If we turned the search in the opposite direction, time wise, there would be no sign of Julius' supposed wife, Rose. Despite their marriage in 1933, by the time of the 1940 census, Julius—with an estimated birth year of 1883, agreeing with the data from the earlier enumerations—was sporting a considerably younger wife by the name of Helen.
Yet, looking more closely at that actual document, there are a few loose threads which invite us to tug at them and see if we can unravel this illusion of double identities. The first detail was the fact that the 1940 census asked where residents lived five years prior to that date. Unfortunately, the entry for Julius was overwritten, making it hard to decipher the true answer. Transcribers at Ancestry.com took his answer to read, "New Haven." I think the answer might have been something different: Woodhaven.
You might recall that, when Rose had been married to her second husband, George Kober, her address had been a home in part of Queens borough called Woodhaven. When Rose remarried, could the Hassinger couple simply have retained the old Kober residence as their own? More telling was the five-year-prior answer for Julius' 1940s wife Helen: she stated her home, five years before that, was not in Woodhaven, but in Manhattan.
Bingo: Julius and Helen weren't married to each other, five years before 1940. In fact, that led me to locate information on when Julius and Helen might have wed: 1939.
So, this detail makes me feel more positive that we have the right Julius and not, as I had previously thought, his name twin. Something must have happened to Rose between their 1933 wedding and Julius' subsequent marriage to Helen. Whether it was a divorce or a death, there should be a record. But where was it?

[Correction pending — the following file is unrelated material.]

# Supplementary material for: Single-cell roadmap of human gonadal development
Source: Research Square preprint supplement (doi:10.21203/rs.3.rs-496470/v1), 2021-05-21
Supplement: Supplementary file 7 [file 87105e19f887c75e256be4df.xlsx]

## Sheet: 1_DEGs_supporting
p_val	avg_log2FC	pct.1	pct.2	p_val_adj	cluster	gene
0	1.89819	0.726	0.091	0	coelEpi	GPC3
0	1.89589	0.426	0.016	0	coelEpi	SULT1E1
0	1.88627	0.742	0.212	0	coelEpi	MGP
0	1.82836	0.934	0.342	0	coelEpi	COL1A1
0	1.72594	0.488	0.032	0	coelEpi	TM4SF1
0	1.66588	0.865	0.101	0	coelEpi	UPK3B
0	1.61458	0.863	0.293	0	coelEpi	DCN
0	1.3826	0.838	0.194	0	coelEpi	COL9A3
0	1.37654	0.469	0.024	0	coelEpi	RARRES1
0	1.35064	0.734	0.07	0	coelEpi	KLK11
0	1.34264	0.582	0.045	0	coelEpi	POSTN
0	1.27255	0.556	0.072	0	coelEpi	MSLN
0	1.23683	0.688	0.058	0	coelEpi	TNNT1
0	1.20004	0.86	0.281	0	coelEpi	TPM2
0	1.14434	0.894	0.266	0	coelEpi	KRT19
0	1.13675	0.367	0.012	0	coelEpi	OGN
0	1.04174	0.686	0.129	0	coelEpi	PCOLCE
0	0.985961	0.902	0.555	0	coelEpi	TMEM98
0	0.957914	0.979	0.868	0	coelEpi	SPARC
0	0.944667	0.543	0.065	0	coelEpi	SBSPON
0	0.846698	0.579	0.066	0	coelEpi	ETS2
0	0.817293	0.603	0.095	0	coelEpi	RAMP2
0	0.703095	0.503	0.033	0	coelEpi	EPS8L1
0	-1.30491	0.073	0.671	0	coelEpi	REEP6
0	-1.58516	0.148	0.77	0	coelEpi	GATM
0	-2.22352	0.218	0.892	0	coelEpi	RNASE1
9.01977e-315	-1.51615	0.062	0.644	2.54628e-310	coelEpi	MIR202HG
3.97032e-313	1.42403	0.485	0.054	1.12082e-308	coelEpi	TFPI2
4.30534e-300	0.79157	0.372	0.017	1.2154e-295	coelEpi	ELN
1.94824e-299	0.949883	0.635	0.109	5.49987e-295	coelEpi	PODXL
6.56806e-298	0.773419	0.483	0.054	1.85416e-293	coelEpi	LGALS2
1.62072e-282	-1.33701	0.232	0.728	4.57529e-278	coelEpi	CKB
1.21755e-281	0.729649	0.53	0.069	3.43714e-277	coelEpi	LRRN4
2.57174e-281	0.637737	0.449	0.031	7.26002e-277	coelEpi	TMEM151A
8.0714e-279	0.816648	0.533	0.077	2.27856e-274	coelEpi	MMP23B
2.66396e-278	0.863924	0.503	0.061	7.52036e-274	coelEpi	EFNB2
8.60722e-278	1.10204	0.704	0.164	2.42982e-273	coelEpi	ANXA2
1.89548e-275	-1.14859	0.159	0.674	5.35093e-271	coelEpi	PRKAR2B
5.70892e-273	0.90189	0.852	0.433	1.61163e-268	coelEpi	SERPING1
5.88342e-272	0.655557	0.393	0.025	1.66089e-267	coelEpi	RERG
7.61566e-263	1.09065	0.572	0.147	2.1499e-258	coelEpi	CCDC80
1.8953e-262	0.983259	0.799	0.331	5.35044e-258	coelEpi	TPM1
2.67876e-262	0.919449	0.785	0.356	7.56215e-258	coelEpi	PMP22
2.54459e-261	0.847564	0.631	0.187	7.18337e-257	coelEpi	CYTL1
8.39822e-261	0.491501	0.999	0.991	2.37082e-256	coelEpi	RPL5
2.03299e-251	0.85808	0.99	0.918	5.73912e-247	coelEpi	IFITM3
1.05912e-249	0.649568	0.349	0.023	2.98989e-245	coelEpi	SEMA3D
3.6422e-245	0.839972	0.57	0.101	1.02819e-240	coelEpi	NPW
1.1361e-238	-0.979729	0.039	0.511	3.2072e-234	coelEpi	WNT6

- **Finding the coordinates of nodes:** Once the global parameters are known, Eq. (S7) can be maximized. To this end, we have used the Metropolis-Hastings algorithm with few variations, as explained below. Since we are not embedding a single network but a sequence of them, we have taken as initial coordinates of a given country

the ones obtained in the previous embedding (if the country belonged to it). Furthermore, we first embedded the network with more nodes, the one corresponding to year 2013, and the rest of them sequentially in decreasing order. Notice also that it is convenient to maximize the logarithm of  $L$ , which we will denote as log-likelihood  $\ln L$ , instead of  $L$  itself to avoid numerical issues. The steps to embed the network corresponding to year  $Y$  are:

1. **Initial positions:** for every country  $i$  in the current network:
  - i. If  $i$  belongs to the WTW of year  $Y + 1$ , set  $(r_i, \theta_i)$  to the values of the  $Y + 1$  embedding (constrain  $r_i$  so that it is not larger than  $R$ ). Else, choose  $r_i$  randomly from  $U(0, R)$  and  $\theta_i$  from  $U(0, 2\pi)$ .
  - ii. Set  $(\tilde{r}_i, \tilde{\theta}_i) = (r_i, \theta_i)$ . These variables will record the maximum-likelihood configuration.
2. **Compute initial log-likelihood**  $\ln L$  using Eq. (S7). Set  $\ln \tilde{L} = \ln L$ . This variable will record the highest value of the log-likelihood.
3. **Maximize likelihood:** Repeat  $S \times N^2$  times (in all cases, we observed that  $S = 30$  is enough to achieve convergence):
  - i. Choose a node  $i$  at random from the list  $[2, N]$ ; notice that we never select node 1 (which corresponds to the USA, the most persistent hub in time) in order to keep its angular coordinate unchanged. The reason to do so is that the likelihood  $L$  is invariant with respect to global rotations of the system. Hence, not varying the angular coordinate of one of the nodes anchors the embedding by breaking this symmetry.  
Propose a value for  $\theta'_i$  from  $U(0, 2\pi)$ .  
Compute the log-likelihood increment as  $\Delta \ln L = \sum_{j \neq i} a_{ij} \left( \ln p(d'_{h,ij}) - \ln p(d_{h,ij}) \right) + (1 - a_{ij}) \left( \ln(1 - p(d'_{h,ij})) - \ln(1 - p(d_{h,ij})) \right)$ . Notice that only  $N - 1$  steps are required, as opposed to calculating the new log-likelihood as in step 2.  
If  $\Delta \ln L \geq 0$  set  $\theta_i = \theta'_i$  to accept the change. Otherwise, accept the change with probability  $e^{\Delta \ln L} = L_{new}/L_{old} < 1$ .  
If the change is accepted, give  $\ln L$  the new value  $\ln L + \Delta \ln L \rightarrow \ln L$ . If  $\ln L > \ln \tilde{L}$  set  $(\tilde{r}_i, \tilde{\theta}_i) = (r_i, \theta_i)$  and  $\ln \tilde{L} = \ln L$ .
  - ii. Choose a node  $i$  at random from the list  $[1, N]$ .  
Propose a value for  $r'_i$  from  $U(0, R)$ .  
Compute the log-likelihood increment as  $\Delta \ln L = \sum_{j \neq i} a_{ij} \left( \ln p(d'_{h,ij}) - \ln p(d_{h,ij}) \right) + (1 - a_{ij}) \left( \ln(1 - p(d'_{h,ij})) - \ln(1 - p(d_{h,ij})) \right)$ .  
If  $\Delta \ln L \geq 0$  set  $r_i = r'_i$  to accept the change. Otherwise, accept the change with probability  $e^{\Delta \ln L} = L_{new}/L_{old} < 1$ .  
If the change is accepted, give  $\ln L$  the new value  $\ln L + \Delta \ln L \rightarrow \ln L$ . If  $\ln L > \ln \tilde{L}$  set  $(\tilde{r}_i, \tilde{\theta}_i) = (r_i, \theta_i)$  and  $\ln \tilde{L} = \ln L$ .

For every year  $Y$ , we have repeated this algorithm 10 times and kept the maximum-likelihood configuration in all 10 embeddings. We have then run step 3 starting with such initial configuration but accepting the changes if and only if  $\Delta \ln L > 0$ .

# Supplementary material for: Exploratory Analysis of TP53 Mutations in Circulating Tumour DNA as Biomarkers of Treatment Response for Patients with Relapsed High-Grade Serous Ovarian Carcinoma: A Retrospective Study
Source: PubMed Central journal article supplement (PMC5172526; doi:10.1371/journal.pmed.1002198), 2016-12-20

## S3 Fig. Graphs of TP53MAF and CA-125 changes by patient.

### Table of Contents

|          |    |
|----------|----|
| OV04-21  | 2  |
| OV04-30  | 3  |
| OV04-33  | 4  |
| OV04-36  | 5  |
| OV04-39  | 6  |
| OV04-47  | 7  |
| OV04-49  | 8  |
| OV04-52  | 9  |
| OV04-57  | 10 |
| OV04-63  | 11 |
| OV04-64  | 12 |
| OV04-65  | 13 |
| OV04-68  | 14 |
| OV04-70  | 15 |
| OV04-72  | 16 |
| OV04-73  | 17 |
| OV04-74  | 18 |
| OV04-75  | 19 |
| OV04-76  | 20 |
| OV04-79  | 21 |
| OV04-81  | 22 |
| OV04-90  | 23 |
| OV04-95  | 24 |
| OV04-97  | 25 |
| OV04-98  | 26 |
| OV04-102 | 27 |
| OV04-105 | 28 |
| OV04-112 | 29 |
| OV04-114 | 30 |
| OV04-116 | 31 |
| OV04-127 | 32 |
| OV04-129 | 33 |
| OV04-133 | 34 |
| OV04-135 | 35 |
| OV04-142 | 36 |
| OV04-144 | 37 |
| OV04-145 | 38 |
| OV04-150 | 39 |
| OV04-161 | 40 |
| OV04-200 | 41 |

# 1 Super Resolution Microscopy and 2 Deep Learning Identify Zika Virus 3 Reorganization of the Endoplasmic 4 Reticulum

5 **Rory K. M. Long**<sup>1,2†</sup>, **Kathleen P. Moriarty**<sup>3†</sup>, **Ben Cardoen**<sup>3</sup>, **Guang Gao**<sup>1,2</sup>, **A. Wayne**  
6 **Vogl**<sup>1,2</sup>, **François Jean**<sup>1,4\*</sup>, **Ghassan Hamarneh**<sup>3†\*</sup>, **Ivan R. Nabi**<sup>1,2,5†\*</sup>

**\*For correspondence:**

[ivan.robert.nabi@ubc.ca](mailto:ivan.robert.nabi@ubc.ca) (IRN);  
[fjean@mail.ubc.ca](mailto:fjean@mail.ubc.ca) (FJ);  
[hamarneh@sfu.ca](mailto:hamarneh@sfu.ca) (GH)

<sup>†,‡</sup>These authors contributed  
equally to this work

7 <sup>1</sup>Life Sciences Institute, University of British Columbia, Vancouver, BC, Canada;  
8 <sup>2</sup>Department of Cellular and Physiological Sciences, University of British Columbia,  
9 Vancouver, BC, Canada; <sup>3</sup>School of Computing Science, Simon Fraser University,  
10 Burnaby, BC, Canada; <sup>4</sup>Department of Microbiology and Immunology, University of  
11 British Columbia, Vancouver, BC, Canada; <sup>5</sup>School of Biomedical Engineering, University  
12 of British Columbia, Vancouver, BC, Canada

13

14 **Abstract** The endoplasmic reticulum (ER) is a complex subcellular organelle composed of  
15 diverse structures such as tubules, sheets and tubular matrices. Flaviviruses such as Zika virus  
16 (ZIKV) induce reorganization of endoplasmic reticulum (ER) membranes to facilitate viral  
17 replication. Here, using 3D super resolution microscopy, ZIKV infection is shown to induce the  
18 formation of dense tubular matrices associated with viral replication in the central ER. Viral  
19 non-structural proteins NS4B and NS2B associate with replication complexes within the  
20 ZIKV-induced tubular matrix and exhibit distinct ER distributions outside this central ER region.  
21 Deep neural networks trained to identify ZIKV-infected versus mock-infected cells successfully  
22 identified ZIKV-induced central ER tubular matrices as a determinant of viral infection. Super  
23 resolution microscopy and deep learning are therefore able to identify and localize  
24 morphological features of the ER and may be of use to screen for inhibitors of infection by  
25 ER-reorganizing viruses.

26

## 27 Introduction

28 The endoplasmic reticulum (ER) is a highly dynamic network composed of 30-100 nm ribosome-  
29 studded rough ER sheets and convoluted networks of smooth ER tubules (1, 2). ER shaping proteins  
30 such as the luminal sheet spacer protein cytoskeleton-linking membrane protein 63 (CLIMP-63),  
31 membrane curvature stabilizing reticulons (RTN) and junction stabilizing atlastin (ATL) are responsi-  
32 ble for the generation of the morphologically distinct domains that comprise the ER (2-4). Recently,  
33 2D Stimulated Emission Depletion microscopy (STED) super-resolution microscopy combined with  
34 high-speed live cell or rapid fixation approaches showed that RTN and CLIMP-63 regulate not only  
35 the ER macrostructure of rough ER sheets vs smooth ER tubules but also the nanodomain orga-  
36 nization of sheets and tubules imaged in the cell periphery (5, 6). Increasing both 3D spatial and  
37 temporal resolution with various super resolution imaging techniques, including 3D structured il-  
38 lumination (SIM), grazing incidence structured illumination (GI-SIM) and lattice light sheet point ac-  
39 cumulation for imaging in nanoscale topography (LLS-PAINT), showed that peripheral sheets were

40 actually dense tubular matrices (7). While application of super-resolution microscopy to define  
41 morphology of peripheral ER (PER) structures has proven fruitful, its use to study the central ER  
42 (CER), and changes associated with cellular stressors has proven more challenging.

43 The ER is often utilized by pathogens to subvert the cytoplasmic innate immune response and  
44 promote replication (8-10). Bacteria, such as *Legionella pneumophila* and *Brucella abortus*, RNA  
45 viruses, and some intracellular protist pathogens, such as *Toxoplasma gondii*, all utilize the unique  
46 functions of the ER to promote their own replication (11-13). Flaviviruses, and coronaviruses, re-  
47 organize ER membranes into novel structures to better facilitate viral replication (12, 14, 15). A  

Just to make sure, and to follow Julius' trail to the end, I located his Find a Grave memorial in Florida—a customary destination for many retired New York City residents. Julius died on February 3, 1964, according to his obituary, and was buried in Fort Lauderdale. His only survivor mentioned in the obituary was his wife Helen. No children—and no mention of any previous marriage to someone named Rose.
Since the 1940 census led me to believe that Rose and Julius had established their residence at the former Kober home in Woodhaven—part of Queens within New York City limits—it was puzzling that there was no documentation to help find what became of Rose. Clearly she was out of the picture between 1935 and 1939.
However, I remembered that Julius had previously lived and worked in Garden City, which lies outside the border for New York City. Thinking any records of Rose's demise might instead be listed in Nassau County records, I checked the broader digitized collections for New York State. There, in a 1937 New York State death index, was a mention of one Rose Hassinger, who died on November 14 in North Hempstead, the same town where we had found Julius living in the 1940 census.
I still haven't found an obituary for Rose—if there was any—nor have I located any indication of her burial, other than a volunteer's note on George Kober's Find a Grave memorial that he was "husband of Rose." This will require a call to the cemetery where George was buried to see whether I can find any details on Rose's final resting place. But it at least brings some closure to the pursuit of the mysterious Aunt Rose of the few family photographs passed along to me by older relatives.
True, that only answers the question of what became of Rose. Where she came from is an entirely different question. While I'll review what I already know about this issue tomorrow, there is far more I still need to learn about the part of the family which connects Rose and her brother—my tight-lipped grandfather—to their forebears.